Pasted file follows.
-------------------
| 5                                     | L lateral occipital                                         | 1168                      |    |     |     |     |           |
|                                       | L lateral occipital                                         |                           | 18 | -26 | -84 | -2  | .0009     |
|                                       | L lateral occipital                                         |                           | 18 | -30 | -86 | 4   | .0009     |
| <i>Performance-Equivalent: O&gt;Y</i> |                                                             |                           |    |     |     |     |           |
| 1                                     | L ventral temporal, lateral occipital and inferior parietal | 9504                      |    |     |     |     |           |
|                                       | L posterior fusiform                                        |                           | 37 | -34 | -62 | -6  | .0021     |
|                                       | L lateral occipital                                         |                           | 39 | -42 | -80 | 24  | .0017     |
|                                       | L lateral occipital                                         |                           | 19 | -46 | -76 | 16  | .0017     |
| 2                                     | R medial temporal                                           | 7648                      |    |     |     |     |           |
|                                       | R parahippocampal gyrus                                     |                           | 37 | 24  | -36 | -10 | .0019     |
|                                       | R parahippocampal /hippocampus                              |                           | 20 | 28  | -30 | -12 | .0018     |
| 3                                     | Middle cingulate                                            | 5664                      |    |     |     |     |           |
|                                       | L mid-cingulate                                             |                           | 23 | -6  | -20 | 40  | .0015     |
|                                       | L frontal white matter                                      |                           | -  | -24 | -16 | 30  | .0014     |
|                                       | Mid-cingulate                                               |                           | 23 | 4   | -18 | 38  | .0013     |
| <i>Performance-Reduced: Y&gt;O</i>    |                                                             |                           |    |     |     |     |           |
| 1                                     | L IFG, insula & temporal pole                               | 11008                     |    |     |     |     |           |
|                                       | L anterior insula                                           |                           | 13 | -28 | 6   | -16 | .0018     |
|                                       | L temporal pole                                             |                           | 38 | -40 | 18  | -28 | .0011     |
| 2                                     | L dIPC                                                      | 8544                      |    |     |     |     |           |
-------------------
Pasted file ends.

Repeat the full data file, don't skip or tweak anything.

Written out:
| 5                                     | L lateral occipital                                         | 1168                      |    |     |     |     |           |
|                                       | L lateral occipital                                         |                           | 18 | -26 | -84 | -2  | .0009     |
|                                       | L lateral occipital                                         |                           | 18 | -30 | -86 | 4   | .0009     |
| <i>Performance-Equivalent: O&gt;Y</i> |                                                             |                           |    |     |     |     |           |
| 1                                     | L ventral temporal, lateral occipital and inferior parietal | 9504                      |    |     |     |     |           |
|                                       | L posterior fusiform                                        |                           | 37 | -34 | -62 | -6  | .0021     |
|                                       | L lateral occipital                                         |                           | 39 | -42 | -80 | 24  | .0017     |
|                                       | L lateral occipital                                         |                           | 19 | -46 | -76 | 16  | .0017     |
| 2                                     | R medial temporal                                           | 7648                      |    |     |     |     |           |
|                                       | R parahippocampal gyrus                                     |                           | 37 | 24  | -36 | -10 | .0019     |
|                                       | R parahippocampal /hippocampus                              |                           | 20 | 28  | -30 | -12 | .0018     |
| 3                                     | Middle cingulate                                            | 5664                      |    |     |     |     |           |
|                                       | L mid-cingulate                                             |                           | 23 | -6  | -20 | 40  | .0015     |
|                                       | L frontal white matter                                      |                           | -  | -24 | -16 | 30  | .0014     |
|                                       | Mid-cingulate                                               |                           | 23 | 4   | -18 | 38  | .0013     |
| <i>Performance-Reduced: Y&gt;O</i>    |                                                             |                           |    |     |     |     |           |
| 1                                     | L IFG, insula & temporal pole                               | 11008                     |    |     |     |     |           |
|                                       | L anterior insula                                           |                           | 13 | -28 | 6   | -16 | .0018     |
|                                       | L temporal pole                                             |                           | 38 | -40 | 18  | -28 | .0011     |
| 2                                     | L dIPC                                                      | 8544                      |    |     |     |     |           |